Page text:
Mr. Kiernan.—The reason for the particular condition in administrative practice is that if it were omitted certain cases would occur in which houses would be deprived of grants simply for non-compliance with very small details. I remember one case recently in which the regulations state that where there is a septic tank it shall not be less than 60 feet distant from any dwelling house. In this particular case, it could not be 60 feet—it was about 50 feet—and if it was to be 60 feet it would mean that the builder would have to enter another person’s holding. It is to meet cases like that that the condition has been put in. It appears in all similar regulations since 1924. I have brought with me each of the Acts and each of the regulations, if you would care to compare them with what we have done in the regulations under review. I myself raised the question in 1950 as to whether it was a proper exercise of the Minister’s powers or not. I went back over the previous regulations and found that it had been done consistently since 1924 and as it was at least doubtful, in my opinion, I did not like to alter the existing practice. If the Committee consider it desirable, we could take powers in our next housing legislation to deal with this or perhaps we could revoke the regulations and take out the offending clauses and change the conditions in the Schedule. The Department objects to that second course because it would loosen the conditions too much and lower the standard of building, but it could be done. If you take the example I gave: “a septic tank shall not be less than 60 feet distant from any dwelling house”, we might perhaps word that in such a way that this dispensing power would be contained in the actual Schedule itself as part of the prescribed conditions.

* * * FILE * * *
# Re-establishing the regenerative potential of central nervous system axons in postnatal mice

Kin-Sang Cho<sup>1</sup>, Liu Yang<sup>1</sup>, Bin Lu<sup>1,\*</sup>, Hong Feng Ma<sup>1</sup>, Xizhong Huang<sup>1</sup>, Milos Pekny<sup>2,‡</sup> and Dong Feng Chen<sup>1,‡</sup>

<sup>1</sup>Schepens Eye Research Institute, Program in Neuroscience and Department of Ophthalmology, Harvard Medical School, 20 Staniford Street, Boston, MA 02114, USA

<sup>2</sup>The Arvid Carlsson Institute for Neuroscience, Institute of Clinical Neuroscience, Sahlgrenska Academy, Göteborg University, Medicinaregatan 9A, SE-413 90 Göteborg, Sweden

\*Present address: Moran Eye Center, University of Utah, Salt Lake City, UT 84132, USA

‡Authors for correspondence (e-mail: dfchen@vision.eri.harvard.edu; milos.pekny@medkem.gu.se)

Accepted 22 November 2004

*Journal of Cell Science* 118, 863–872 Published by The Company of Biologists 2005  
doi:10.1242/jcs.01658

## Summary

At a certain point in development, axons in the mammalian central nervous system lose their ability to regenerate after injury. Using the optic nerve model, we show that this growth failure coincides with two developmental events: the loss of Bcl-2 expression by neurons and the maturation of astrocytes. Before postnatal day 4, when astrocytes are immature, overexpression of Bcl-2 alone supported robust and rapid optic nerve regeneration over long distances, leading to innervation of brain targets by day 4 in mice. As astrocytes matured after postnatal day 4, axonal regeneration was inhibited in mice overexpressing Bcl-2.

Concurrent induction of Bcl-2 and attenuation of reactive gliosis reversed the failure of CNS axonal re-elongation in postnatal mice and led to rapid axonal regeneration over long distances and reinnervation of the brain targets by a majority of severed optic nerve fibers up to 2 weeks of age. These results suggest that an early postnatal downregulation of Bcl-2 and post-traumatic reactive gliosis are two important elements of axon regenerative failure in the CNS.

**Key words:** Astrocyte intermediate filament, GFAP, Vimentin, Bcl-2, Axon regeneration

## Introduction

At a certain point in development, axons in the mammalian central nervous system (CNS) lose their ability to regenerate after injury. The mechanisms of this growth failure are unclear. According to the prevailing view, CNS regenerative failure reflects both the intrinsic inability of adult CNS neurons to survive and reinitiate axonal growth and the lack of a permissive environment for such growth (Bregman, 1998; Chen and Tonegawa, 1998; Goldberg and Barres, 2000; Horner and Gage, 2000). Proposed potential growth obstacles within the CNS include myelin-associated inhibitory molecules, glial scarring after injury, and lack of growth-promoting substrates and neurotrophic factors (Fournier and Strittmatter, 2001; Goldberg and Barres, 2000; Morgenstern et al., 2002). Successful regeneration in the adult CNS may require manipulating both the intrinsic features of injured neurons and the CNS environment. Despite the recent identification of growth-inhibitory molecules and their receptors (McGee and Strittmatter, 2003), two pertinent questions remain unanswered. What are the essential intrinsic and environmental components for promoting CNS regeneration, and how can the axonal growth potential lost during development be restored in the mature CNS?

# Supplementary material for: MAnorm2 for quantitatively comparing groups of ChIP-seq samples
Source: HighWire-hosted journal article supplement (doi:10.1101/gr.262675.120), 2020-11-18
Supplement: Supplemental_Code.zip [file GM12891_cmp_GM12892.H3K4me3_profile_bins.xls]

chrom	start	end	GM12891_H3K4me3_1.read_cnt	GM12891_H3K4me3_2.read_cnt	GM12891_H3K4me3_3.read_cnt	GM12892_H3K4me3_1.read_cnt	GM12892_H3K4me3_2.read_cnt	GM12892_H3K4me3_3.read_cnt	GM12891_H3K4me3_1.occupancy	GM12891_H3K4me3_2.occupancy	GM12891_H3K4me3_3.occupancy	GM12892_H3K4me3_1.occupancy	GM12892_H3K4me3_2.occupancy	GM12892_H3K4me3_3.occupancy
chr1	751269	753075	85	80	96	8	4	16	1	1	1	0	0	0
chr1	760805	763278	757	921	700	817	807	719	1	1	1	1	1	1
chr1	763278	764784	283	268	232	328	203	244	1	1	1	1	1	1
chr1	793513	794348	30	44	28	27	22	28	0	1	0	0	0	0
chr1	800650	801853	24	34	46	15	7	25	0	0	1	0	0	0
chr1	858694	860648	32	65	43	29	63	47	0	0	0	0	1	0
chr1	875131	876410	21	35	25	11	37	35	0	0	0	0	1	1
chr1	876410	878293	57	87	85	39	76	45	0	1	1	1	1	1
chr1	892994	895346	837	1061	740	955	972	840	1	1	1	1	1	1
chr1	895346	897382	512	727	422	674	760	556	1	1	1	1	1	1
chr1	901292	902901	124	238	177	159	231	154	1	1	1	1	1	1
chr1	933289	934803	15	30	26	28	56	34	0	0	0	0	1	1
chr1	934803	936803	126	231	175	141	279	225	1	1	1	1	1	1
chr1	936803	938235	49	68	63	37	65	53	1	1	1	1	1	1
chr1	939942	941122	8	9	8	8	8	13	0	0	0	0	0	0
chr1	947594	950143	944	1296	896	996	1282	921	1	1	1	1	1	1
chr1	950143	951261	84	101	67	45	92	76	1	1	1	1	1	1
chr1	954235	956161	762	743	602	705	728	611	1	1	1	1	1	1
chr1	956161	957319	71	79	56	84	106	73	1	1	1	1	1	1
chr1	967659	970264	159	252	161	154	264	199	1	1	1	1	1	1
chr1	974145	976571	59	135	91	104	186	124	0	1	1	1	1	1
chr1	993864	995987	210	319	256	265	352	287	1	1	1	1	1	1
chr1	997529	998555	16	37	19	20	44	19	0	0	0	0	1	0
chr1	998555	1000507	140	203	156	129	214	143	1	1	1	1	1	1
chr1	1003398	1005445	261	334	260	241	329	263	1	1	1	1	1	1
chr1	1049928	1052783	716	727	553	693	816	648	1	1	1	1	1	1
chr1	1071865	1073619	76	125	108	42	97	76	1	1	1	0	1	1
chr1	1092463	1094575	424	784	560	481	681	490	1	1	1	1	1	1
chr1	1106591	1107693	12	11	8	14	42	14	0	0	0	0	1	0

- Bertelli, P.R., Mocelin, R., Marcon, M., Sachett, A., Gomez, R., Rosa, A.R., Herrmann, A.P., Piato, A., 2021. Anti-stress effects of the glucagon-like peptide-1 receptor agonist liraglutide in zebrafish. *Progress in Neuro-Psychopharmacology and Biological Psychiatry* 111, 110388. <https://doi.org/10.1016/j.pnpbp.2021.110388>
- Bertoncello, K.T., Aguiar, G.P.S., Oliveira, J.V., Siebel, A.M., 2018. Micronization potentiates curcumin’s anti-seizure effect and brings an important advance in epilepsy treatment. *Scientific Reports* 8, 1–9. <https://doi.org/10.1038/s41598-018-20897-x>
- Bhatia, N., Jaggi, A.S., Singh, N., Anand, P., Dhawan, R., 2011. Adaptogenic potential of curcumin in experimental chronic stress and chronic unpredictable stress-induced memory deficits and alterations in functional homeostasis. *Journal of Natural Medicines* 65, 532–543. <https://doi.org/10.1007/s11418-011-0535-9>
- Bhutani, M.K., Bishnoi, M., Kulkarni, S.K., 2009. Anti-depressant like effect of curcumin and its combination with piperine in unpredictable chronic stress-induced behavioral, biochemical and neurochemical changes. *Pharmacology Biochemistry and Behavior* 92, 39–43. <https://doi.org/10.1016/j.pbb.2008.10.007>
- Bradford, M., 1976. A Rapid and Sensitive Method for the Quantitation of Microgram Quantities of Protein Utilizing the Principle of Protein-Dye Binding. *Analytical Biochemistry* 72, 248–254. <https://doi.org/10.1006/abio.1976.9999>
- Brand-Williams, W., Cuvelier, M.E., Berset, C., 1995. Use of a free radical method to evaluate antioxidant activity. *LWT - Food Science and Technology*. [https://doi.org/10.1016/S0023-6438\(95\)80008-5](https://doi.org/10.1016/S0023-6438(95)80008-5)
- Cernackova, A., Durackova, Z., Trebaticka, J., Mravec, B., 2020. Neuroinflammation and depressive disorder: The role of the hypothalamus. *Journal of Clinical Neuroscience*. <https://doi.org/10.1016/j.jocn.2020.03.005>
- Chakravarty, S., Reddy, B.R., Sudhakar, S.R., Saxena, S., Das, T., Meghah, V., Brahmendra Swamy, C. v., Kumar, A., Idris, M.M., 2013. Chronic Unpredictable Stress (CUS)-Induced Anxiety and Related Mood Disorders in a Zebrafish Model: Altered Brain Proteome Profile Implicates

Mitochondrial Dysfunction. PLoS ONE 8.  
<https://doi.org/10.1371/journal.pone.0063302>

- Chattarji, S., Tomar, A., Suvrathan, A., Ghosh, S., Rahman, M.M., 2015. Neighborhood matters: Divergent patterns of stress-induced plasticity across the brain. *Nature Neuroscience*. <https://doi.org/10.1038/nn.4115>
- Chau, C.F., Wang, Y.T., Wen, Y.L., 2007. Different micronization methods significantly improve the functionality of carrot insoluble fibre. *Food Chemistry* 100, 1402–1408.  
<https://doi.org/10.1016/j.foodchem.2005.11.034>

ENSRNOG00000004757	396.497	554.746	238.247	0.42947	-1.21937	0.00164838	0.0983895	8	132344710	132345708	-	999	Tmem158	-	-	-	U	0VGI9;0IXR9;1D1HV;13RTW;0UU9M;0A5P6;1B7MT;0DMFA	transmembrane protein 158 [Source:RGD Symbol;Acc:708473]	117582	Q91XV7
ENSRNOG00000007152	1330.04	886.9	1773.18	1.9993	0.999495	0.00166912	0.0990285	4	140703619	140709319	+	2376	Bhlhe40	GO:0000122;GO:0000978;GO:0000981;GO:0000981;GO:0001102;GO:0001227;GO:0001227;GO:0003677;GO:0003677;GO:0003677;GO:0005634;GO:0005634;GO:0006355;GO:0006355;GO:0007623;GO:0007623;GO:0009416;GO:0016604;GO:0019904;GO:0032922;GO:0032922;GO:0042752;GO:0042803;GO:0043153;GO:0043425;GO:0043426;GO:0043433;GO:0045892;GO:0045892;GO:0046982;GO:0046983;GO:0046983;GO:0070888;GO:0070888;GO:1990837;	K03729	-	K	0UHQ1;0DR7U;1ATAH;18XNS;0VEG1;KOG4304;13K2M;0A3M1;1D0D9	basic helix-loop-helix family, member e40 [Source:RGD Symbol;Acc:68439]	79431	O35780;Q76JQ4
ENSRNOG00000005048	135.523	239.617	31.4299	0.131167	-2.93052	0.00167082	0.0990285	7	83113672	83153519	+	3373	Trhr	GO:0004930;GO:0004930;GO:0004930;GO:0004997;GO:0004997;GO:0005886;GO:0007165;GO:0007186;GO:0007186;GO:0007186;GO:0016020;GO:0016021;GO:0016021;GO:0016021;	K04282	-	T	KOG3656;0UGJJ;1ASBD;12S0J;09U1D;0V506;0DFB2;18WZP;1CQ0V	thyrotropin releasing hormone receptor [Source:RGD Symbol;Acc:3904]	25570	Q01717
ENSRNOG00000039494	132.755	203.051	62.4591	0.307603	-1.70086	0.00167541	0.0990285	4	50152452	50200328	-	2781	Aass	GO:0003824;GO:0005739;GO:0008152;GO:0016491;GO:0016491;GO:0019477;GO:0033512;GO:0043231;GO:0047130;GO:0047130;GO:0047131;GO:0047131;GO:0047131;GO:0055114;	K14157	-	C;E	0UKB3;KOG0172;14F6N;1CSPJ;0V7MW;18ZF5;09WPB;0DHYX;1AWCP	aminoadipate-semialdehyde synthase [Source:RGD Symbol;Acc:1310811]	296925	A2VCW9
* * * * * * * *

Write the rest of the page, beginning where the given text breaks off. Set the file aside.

2. Chairman.—There are two different points, it seems to me. The first is whether the dispensing power is within the ambit of the powers of the Minister. That is really a question of law or of legal interpretation of the statute. The second is whether the dispensing power is administratively necessary. That, of course, is a matter of opinion. They are two quite different points and the point we are really concerned with in this Committee is whether the regulations do not offend against the existing statute. I take it from what you have said that you are not prepared to defend the regulations very vigorously?——No, I am not.

3. You are prepared to say that there is a doubt in the matter?——Having regard to the fact that the practice has continued so long, I was unwilling to stop it, especially as it would have upset the Department administratively. The officials would be administering other sets of regulations without this clause and this one with it.